Several, seemingly unrelated problems of empirical research in the 'sociology of scientificknowledge' can be analyzed as following from initial assumptions with respect to the status of the knowledge content of science. These problems involve: (1) the relation between the level of the scientific field and the group level; (2) the boundaries and the status of 'contexts', and (3) the emergence of so-called 'asymmetry' in discourse analysis. It is suggested that these problems can be clarified (...) by allowing for cognitive factors as independent ('heterogeneous') variables, in addition to and in interaction with (i.e., not only as attributes of) social factors. In the 'sociology of translation', 'heterogeneity' among scientists, cognitions and textual elements has been made a basic assumption. This heterogeneity is bound together in an 'actor network'. However, since the 'actor network' is an empirical category, the methodological problems remain unresolved. This has consequences for the relation between empirical data and theoretical inferences. (shrink)
Recently, many historians of science have chosen to present their historical narratives from the ‘actors’-eye view’. Scientificknowledge not available within the actors’ culture is not permitted to do explanatory work. Proponents of the Sociology of ScientificKnowledge purport to ground this historiography on epistemological relativism. I argue that they are making an unnecessary mistake: unnecessary because the historiographical genre in question can be defended on aesthetic and didactic grounds; and a mistake because the argument (...) from relativism is in any case incoherent.The argument of the present article is self-contained, but steers clear of metaphysical debates in the philosophy of science. To allay fears of hidden assumptions, the sequel, to be published in the following issue, will consider SSK’s prospects of succour from scientific realism, instrumentalism, and a metaphysical system of Bruno Latour’s own devising. (shrink)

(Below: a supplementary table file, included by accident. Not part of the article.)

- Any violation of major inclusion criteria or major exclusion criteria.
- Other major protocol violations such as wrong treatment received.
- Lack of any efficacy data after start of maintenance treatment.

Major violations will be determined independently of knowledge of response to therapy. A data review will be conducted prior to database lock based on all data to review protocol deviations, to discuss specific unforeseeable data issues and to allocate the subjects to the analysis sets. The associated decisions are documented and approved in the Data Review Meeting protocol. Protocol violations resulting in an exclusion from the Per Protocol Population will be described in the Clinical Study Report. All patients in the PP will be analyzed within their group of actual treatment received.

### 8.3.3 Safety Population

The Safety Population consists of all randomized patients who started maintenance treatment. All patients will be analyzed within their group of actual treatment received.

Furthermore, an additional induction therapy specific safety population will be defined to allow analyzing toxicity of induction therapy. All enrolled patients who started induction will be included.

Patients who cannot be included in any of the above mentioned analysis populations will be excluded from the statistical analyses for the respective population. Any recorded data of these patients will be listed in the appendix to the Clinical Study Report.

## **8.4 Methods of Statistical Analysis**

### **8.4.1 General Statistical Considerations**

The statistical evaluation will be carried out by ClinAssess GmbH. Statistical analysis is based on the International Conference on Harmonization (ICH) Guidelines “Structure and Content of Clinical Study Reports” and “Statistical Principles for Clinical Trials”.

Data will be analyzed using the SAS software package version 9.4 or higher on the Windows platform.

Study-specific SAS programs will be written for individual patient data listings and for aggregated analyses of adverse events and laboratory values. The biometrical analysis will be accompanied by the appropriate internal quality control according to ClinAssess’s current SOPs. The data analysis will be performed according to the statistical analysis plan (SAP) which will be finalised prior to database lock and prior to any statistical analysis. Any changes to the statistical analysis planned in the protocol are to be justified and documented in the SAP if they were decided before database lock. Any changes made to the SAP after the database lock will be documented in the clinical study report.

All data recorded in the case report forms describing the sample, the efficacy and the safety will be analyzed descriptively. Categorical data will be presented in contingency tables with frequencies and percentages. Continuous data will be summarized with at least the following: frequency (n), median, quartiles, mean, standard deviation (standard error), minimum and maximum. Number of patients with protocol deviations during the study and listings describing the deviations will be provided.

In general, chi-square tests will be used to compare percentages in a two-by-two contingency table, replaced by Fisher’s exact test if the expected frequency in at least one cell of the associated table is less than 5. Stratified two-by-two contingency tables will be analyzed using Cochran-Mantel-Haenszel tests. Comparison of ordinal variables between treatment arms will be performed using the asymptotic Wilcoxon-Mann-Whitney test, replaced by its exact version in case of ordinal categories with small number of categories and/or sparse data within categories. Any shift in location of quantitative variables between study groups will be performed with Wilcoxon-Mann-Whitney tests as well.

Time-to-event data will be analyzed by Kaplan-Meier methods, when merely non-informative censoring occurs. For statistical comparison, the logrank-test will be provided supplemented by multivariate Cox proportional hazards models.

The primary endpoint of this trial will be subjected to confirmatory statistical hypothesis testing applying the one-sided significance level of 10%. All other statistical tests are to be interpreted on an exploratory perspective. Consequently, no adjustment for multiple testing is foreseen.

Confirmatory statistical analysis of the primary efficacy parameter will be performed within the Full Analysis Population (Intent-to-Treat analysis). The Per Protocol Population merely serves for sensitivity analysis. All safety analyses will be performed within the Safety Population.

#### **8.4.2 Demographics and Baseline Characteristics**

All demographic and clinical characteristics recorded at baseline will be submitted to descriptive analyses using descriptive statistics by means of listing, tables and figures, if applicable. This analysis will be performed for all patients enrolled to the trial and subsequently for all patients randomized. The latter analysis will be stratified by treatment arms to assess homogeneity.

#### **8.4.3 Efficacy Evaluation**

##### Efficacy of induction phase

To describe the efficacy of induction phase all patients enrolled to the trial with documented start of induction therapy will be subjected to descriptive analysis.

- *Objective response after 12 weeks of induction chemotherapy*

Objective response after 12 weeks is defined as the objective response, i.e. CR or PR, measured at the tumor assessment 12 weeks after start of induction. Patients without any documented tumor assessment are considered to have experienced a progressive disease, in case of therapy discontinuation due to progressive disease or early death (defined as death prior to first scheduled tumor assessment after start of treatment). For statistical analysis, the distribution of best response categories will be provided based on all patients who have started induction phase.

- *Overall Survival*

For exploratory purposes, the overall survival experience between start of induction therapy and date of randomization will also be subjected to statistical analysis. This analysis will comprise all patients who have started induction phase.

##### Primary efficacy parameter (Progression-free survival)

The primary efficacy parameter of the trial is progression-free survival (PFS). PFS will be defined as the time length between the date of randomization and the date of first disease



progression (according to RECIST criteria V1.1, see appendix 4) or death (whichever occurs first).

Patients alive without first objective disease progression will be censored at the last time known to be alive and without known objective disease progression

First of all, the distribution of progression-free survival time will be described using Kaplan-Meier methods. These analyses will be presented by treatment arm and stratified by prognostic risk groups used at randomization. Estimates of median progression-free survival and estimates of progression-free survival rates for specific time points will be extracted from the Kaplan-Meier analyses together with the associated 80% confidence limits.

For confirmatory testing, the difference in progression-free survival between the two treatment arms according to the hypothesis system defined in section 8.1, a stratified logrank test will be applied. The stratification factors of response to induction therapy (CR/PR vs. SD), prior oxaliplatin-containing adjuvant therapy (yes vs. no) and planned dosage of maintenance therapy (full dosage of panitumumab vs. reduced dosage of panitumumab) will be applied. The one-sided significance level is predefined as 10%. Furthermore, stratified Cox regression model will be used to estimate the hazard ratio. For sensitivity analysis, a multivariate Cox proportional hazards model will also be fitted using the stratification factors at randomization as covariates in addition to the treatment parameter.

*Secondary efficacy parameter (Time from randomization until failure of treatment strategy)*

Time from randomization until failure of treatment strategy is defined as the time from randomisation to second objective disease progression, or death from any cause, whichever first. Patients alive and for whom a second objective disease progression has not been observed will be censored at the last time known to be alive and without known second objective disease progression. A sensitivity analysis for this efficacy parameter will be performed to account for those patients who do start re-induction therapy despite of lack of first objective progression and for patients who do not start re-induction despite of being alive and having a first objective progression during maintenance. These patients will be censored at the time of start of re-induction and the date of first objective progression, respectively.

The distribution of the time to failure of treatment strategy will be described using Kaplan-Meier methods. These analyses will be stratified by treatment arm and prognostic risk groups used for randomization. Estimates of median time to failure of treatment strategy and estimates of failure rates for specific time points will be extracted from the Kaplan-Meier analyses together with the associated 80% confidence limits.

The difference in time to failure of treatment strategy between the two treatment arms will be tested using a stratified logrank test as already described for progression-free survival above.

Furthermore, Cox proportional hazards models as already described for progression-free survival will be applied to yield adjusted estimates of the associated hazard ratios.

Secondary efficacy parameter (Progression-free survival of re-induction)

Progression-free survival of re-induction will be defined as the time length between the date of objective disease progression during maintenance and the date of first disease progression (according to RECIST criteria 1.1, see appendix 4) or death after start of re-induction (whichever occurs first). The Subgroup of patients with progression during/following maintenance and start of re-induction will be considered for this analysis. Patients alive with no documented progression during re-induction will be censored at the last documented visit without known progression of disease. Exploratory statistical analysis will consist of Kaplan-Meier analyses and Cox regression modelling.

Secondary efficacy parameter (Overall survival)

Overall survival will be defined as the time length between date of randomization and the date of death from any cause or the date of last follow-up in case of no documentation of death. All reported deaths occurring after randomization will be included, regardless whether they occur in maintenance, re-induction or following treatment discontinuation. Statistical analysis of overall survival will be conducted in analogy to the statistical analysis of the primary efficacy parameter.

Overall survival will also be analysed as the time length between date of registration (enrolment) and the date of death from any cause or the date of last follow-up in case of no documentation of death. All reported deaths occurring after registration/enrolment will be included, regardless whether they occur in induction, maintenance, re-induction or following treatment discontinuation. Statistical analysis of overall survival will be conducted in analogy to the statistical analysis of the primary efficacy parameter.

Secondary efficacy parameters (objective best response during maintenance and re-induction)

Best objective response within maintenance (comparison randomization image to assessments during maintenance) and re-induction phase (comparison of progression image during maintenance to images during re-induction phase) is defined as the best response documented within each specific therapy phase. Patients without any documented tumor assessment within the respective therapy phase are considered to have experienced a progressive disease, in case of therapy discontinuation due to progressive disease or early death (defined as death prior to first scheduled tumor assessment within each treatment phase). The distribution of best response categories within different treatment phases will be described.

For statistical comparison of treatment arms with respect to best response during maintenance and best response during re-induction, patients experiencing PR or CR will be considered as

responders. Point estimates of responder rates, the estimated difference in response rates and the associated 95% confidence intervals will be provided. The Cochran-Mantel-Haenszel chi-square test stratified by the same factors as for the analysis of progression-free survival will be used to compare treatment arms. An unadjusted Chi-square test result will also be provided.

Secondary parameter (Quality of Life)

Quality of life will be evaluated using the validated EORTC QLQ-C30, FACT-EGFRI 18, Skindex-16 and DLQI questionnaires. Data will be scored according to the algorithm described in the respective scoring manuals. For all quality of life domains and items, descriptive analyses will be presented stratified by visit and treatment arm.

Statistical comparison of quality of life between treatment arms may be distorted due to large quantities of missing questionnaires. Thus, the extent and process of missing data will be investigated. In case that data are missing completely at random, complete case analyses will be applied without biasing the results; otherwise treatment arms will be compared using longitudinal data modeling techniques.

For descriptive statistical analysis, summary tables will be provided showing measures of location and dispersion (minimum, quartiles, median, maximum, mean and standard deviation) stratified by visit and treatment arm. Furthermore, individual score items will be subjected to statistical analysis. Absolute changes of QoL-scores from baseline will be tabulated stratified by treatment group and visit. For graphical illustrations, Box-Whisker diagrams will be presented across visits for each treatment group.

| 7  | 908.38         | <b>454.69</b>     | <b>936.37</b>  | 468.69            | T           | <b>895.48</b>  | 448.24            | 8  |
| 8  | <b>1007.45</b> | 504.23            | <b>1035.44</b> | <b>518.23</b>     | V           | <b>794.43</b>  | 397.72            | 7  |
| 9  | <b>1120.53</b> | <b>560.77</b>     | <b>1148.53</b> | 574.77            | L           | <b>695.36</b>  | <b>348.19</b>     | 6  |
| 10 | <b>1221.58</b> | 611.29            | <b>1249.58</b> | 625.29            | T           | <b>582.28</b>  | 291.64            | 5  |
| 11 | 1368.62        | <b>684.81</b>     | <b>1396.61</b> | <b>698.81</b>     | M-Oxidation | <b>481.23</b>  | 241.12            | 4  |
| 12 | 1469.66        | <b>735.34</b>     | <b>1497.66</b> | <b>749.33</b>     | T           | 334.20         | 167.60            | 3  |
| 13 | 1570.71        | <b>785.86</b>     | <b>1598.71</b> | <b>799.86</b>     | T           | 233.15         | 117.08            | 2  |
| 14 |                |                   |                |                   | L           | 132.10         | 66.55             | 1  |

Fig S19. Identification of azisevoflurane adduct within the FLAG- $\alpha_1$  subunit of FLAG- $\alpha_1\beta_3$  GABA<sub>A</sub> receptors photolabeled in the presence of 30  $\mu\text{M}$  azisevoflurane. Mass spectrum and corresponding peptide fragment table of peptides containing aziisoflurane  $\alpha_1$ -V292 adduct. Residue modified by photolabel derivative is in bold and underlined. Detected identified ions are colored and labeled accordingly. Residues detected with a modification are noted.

In this paper, I show that there are important but hitherto unnoticed similarities between key figures of the Vienna Circle and early defenders of sociology of knowledge. The similarities regard their stance on potential implications of the study of science for political and societal issues. I argue that notably Otto Neurath and Karl Mannheim are concerned with proposing a genuine political philosophy of science that is remarkably different from today’s emerging interest in the relation between science and society (...) in philosophy of science. (shrink)
This volume comprises original articles by leading authors – from philosophy as well as sociology – in the debate around relativism in the sociology of (scientific) knowledge. Its aim has been to bring together several threads from the relevant disciplines and to cover the discussion from historical and systematic points of view. Among the contributors are Maria Baghramian, Barry Barnes, Martin Endreß, Hubert Knoblauch, Richard Schantz and Harvey Siegel.